The summer brood of Brimstones were also on the wing, numbering 6 in all.
Both Large & Small Whites were seen but strangely, none of the more common Green-veined Whites were discovered. As well as the more regularly seen Large Skipper, a single, less frequent, Small Skipper was also spotted.

Small Skipper

But the star attraction has to be the pair of male Silver-washed Fritillaries in an aerial dispute over territories. Whether the reduction in disturbance, due to ‘Lockdown’, has prompted this upsurge in numbers, who knows! Then why haven’t the Odonata responded similarly?

Silver Washed Fritillary


Warm Weather Butterfly Increase

A report from our lepidopterology and odonatology expert, Keith Powrie

The bout of warm weather has kick-started the summer broods into early action.

The average number of butterflies to be seen during Week 12 has been established at 3.6, over the years of monitoring. In fact, last year, none were found at all. Yesterday, 25 were counted, 11 of which were Meadow Browns. The highest count for this species, during Week 12, so far, has only been 6.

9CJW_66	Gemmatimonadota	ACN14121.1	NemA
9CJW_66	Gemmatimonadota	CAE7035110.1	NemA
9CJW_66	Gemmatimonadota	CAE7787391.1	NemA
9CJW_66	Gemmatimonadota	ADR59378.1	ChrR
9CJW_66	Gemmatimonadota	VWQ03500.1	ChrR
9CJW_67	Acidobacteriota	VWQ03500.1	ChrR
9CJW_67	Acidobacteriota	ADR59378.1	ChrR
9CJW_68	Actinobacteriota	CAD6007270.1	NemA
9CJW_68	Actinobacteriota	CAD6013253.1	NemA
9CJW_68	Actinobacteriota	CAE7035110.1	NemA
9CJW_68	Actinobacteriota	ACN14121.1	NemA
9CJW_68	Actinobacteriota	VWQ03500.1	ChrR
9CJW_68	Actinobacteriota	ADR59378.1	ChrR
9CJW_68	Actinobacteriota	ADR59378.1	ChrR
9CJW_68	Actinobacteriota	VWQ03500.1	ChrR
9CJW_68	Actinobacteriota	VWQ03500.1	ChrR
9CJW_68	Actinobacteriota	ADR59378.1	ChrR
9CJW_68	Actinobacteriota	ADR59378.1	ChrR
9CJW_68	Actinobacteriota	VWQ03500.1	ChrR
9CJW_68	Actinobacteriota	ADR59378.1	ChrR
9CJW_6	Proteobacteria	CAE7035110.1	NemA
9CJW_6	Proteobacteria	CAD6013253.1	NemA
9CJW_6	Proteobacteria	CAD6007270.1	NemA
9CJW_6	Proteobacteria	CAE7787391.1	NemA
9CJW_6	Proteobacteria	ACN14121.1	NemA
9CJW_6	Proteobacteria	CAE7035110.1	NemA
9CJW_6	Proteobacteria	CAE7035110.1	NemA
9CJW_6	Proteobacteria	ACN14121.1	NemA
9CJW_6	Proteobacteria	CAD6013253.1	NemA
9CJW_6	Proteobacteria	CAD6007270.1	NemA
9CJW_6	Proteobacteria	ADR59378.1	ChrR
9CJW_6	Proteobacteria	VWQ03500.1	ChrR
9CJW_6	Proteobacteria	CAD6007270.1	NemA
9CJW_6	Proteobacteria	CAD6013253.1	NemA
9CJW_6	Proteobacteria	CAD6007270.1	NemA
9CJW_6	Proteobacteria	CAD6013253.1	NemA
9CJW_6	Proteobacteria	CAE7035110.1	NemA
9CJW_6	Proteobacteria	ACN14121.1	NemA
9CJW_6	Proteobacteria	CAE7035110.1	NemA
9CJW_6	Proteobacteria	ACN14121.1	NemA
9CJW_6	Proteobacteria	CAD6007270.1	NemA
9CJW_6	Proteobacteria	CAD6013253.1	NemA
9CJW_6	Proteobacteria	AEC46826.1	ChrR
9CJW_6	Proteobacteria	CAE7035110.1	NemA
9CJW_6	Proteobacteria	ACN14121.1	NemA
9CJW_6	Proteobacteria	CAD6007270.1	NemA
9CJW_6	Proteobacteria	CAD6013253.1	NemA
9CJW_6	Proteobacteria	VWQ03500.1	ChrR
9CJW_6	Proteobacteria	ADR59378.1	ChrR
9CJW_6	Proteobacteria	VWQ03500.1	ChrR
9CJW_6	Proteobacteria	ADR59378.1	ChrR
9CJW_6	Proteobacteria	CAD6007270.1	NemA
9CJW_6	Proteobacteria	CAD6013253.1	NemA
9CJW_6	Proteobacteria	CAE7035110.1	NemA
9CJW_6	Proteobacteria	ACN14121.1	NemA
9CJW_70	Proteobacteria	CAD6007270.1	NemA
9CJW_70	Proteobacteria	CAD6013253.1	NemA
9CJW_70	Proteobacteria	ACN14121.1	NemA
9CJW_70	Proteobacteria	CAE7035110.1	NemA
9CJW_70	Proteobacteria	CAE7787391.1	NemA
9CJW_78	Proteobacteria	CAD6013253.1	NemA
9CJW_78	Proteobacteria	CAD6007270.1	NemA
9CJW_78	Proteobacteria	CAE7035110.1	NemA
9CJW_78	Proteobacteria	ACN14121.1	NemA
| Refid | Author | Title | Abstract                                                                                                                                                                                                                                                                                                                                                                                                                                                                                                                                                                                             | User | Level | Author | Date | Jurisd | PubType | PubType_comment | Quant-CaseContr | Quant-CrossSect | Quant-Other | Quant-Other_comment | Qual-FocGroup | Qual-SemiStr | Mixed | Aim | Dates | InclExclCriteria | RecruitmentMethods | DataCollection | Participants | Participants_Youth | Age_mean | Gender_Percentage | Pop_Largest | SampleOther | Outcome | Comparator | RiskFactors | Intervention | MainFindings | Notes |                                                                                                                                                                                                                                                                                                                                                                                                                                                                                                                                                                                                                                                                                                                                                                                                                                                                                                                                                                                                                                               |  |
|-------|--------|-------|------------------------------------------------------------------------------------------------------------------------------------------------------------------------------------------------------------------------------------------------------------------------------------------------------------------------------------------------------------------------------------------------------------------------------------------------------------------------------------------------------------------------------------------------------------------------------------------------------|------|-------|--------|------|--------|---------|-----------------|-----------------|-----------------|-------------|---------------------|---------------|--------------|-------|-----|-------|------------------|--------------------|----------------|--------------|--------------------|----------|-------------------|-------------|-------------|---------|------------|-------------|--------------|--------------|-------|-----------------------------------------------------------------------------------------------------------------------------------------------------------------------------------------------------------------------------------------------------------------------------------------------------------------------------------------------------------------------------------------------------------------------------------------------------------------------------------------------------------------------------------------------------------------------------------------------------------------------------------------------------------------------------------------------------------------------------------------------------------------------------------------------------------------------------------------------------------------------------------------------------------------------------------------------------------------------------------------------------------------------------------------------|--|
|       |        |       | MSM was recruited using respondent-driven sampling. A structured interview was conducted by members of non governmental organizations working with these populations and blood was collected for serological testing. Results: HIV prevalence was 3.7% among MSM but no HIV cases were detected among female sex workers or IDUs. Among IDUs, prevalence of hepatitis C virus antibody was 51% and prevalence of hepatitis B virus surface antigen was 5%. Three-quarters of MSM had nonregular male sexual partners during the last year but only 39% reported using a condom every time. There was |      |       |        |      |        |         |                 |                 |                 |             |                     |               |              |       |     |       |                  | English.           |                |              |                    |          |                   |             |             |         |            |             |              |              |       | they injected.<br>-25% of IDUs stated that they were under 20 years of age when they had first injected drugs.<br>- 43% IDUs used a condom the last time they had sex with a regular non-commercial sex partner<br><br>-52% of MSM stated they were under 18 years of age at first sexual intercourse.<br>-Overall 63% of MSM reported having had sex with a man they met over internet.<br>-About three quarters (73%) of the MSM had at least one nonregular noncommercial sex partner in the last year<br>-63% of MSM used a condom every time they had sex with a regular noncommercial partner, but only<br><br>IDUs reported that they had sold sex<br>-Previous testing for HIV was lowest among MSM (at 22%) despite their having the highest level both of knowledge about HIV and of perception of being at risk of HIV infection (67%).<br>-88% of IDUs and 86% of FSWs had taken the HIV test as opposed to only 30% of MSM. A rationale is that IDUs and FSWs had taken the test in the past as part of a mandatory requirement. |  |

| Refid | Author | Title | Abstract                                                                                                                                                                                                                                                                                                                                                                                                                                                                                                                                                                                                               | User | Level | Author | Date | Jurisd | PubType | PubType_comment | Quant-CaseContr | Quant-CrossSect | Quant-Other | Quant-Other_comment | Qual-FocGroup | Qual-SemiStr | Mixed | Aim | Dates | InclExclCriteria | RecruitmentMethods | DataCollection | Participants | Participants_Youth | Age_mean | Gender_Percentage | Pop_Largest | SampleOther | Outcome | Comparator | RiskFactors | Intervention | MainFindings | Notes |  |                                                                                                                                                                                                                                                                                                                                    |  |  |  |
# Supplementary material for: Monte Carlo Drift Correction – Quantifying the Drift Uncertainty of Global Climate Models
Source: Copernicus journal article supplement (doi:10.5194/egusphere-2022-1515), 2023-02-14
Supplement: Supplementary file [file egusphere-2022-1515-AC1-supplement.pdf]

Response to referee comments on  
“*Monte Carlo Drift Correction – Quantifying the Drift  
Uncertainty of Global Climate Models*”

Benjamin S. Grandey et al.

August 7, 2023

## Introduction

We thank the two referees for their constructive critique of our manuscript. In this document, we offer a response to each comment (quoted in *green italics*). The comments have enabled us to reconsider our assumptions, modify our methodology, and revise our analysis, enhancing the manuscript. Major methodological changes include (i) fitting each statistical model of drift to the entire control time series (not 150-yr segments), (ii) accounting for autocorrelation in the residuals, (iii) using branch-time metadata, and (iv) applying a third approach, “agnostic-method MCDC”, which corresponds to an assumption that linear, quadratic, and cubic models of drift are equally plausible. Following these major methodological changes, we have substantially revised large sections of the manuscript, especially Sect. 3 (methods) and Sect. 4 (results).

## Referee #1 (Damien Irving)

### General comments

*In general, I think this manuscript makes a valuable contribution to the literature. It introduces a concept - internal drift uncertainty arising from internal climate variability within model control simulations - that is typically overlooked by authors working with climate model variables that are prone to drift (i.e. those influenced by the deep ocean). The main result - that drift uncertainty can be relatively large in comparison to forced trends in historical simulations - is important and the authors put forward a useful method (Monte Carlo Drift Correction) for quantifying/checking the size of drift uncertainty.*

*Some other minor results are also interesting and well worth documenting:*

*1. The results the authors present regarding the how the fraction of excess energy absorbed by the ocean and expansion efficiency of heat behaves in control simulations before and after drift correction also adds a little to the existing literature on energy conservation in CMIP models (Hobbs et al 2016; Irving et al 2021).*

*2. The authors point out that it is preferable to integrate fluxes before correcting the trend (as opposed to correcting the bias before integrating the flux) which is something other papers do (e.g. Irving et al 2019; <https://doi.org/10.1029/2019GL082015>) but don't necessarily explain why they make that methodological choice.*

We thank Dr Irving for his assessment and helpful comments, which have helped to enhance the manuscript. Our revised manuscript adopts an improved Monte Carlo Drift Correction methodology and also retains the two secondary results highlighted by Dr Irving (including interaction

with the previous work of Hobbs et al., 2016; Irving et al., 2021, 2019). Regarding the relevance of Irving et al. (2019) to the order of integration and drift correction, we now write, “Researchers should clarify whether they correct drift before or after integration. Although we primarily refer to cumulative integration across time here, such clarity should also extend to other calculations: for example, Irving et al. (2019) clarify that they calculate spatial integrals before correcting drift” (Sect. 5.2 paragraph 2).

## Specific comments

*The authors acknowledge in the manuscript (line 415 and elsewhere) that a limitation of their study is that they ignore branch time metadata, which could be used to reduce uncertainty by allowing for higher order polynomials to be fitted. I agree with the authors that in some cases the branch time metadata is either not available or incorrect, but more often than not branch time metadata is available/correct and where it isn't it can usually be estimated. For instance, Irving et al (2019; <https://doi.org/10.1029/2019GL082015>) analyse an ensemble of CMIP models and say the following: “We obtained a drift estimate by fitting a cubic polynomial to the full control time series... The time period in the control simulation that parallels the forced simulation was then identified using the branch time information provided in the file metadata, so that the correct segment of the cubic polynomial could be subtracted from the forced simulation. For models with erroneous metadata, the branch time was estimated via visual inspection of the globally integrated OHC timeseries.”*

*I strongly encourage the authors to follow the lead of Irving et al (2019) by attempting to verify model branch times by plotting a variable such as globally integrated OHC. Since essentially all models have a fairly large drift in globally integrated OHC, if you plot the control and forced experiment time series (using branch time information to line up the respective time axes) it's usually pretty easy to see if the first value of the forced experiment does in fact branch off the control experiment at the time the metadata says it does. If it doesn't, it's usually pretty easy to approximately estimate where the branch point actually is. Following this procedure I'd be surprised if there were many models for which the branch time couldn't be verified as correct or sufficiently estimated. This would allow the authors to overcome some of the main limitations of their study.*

The first Ringlets also appeared. This has been the earliest emergence for them since monitoring began.

Dragonflies, however, were noticeable by their absence, and only damselflies were to be found at any of the ponds.

Below is a photo of a Ringlet. Note how similar it is to a Male Meadow Brown. (Inset) Close-up, it can be distinguished by the extra number of ‘eyes’, or ‘ringlets’. In flight, it appears much darker, almost black, as it lacks the paler areas, outboard on the wings.


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COVID-19 – Updated

As notified previously, further action has been required at Knoll Gardens


Earlier Notification (18-March)
The charities policy on protecting volunteers and staff has been communicated directly to those involved.
As the situation develops we may well be required to consider further action.

All garden events have been cancelled up to the end of May but the gardens and nursery remain open as usual.